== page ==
Last year, The Ukrainian Week wrote about German teachers who worked in Ukrainian schools and failed to get accredited by the Ministry of the Interior. Sadly, the problem remained where it was a year ago. Today, Ukraine has no single German speaking teacher left out of 15 who had been previously working in schools.

“The Interior Ministry wants these teachers to act as everyone else does which means coming to Ukraine and getting through all bureaucratic procedures,” Valentyna Orap says. “These teachers are not here for bureaucracy. They are here to fulfill their high mission under the International Treaty on Cultural Cooperation. They have fantastic houses, cars, families and top professional opportunities at home. This should make the difference and it did for the previous 16 years. Now the Interior Ministry has told them ordinary teachers in ordinary schools were not entitled to its accreditation.”

A common foreigner needs to get through all layers of Ukrainian bureaucratic hell, i.e. get a job license, a special visa and registration. To give that license, the employer must get the status of a company that can employ foreigners which means extra bureaucratic drag. “The procedure is very burdensome and costly,” says Ms. Kiesewalter. “It’s tougher than in any other country. That’s why the teachers had to leave Ukraine.”

“They were sent to other countries immediately,” Valentyna Orap comments. “They have no problem with licensing while Ukraine seems to need to have native speakers working for free. When an expert comes to a private school, he is paid a huge salary. And private schools do have experts. Officials must think ordinary schools don’t need them. This is the attitude of the government towards teachers. It’s an insult to them.”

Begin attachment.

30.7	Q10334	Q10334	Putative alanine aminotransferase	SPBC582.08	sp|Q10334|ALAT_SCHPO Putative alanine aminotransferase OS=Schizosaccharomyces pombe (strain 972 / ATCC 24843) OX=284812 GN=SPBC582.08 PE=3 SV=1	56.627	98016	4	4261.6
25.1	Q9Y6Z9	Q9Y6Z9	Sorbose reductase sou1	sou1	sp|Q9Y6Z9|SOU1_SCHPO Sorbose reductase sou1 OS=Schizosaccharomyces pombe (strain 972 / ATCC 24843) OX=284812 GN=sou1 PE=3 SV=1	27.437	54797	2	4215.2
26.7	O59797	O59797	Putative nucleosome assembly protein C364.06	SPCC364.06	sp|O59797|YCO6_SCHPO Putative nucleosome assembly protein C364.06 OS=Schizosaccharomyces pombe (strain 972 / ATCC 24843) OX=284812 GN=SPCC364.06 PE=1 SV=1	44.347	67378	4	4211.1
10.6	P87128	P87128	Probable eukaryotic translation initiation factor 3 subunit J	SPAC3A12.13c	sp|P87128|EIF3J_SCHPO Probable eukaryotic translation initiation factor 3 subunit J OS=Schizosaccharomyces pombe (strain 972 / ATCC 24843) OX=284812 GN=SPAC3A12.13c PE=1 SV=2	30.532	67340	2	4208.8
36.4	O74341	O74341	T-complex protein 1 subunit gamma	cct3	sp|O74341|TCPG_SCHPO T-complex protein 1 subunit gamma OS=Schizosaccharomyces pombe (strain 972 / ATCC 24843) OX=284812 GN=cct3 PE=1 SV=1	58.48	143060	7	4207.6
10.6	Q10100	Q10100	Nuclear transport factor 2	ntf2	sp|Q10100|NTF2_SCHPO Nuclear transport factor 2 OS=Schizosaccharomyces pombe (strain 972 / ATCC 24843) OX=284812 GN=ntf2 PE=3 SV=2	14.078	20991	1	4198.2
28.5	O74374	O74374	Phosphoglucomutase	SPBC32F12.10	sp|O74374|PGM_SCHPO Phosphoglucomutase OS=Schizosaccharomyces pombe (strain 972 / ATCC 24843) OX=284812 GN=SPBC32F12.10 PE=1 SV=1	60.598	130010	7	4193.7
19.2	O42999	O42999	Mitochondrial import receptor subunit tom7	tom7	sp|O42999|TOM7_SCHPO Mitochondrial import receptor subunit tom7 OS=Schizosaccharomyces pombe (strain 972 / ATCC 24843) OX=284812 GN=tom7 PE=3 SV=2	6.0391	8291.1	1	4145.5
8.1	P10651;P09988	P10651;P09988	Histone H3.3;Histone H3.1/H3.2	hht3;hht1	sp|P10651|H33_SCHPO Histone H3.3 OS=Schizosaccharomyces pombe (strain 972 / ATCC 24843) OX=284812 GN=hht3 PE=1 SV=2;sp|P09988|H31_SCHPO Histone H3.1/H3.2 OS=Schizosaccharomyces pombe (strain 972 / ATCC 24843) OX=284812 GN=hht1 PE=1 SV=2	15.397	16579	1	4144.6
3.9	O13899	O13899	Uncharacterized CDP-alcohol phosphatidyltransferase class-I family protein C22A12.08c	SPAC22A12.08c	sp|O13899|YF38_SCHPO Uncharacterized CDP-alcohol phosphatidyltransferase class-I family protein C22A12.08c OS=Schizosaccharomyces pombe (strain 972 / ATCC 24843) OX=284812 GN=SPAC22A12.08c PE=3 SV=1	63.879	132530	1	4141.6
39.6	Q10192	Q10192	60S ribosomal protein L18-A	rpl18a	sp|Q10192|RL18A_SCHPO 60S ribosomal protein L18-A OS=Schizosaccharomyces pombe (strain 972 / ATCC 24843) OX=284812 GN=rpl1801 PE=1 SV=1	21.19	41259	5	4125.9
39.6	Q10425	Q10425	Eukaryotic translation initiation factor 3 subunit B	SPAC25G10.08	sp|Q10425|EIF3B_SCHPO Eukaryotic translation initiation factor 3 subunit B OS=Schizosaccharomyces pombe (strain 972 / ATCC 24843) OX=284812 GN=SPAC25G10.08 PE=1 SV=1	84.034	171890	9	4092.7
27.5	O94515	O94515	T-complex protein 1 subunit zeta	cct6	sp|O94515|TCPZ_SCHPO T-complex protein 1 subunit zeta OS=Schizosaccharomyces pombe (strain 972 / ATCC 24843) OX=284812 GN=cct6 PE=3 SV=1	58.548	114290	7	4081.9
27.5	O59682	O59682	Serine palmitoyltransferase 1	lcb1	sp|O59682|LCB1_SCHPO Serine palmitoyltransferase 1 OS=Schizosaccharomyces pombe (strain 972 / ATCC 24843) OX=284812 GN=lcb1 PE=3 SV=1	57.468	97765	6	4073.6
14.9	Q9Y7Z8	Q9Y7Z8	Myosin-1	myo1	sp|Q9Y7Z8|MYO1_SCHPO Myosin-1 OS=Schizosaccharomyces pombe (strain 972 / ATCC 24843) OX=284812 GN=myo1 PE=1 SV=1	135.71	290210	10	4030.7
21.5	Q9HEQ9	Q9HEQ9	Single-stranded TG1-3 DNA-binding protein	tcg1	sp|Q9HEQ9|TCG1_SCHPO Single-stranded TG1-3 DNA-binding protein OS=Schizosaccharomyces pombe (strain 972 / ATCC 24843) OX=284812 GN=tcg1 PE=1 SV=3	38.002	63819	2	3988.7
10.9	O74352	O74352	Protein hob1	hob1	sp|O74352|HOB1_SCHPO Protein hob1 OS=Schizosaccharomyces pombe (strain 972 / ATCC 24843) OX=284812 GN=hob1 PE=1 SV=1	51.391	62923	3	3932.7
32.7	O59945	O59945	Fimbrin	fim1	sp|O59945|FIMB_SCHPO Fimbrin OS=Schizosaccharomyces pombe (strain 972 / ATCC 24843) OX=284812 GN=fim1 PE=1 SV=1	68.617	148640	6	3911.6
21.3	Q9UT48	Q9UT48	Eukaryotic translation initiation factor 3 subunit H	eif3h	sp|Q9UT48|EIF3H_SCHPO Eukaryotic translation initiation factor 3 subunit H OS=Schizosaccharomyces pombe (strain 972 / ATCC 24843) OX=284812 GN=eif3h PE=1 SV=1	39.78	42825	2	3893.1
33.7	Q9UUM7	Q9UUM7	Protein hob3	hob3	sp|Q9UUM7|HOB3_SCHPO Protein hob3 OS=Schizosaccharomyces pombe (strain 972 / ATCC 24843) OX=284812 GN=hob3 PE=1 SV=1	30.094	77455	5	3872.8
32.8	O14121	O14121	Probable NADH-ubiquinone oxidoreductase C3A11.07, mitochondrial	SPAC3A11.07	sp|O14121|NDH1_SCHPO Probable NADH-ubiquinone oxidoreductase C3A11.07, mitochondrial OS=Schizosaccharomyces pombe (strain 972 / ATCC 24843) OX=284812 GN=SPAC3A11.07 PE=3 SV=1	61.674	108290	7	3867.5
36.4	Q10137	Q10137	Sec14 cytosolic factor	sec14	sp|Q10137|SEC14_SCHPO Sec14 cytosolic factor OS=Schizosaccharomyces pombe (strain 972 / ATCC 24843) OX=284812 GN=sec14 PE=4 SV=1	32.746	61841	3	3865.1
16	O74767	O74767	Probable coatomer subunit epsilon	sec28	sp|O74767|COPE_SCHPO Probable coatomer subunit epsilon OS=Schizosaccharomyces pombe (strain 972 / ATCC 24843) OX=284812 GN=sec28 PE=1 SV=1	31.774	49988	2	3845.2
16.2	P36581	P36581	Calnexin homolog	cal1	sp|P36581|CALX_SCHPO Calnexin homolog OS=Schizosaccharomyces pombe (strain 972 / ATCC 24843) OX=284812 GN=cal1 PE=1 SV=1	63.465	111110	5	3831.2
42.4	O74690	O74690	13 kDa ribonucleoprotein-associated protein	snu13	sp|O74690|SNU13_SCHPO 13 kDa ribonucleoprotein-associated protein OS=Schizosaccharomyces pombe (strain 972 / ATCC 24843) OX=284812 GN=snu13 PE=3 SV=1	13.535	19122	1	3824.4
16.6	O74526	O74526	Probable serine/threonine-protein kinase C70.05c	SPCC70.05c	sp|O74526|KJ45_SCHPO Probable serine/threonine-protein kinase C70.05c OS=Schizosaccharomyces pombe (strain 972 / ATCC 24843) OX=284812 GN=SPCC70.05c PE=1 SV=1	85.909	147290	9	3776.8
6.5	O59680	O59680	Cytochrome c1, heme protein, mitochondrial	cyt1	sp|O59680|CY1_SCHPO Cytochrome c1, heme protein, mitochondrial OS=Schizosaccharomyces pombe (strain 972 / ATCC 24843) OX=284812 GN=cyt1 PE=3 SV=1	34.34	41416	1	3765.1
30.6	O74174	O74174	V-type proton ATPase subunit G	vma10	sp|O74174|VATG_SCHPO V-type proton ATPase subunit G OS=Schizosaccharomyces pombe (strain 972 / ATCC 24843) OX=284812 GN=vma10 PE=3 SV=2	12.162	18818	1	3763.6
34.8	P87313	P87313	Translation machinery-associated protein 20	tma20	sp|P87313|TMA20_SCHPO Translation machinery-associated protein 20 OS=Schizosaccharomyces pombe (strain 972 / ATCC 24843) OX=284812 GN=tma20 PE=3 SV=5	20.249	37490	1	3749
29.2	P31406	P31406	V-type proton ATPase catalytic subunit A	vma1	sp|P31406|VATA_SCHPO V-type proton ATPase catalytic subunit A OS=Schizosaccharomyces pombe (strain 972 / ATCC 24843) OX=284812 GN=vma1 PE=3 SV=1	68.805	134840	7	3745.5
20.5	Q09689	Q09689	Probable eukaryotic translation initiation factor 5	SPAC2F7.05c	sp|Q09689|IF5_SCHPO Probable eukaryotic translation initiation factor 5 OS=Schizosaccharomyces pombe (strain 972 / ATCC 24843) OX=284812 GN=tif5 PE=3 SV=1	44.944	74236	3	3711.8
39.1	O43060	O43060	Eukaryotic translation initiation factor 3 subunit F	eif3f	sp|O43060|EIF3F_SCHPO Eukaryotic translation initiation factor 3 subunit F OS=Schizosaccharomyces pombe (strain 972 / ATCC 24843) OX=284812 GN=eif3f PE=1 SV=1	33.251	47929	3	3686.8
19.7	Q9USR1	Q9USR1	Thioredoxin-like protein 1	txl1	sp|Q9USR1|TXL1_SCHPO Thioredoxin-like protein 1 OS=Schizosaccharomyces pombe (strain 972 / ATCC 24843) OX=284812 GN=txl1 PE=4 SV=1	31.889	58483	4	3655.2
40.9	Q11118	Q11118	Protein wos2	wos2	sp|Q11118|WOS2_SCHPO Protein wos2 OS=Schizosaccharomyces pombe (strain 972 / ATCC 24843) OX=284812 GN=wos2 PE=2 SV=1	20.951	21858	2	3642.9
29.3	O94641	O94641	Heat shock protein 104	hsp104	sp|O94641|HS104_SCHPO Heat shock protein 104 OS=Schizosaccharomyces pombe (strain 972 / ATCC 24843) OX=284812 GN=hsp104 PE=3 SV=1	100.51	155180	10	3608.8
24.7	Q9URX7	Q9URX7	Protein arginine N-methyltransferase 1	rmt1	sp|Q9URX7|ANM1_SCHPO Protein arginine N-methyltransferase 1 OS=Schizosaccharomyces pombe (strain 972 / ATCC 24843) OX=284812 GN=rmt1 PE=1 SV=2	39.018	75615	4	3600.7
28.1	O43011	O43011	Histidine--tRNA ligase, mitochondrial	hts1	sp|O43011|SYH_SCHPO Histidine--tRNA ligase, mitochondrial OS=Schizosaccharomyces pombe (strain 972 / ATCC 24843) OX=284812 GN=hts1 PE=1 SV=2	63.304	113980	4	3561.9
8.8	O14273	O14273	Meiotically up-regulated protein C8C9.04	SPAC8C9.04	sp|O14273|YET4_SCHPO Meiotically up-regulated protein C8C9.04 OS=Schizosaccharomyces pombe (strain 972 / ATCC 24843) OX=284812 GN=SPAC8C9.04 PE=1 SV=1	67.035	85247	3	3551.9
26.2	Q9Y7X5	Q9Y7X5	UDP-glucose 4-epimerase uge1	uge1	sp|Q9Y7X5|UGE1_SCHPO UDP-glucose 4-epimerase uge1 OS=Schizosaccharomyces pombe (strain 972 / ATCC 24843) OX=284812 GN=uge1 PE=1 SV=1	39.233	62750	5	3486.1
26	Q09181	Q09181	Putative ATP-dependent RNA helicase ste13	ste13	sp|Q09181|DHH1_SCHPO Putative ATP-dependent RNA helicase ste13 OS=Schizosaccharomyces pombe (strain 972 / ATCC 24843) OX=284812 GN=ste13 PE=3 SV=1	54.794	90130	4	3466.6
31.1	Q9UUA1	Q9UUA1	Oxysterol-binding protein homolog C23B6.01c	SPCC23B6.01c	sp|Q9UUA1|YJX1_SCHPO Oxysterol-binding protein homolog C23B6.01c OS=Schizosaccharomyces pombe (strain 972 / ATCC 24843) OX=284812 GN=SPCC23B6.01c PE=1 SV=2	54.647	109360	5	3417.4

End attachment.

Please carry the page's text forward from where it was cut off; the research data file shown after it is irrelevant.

Perhaps Ukraine is not interested in training students well in foreign languages to keep them from going abroad and staying there when they grow up. Yet this strategy only leads to self-isolation and lack of competitiveness. A person who speaks foreign languages has a better chance for building a career and a better understanding of other cultures in addition to being able to present his own more effectively. Good language skills could improve Ukraine’s chances in the future. Ukrainians who speak several European languages and share European values will likely be treated as equal Europeans in Europe, let alone future politicians whose ability to come to terms with foreign colleagues will be crucial.

The winner of 2011 International Youth Debate finals was Annett Lymar from Estonia. “I enjoyed the debate, but it was very stressful. I had to prepare every single day. Still, I regret it’s over. I’d say everyone should participate in it.”

Ukrainian politicians themselves occasionally debate, but they clearly lack experience in this sophisticated intellectual activity. Our advice is to arrange this sort of competitions and trainings for adults, as well as teenagers.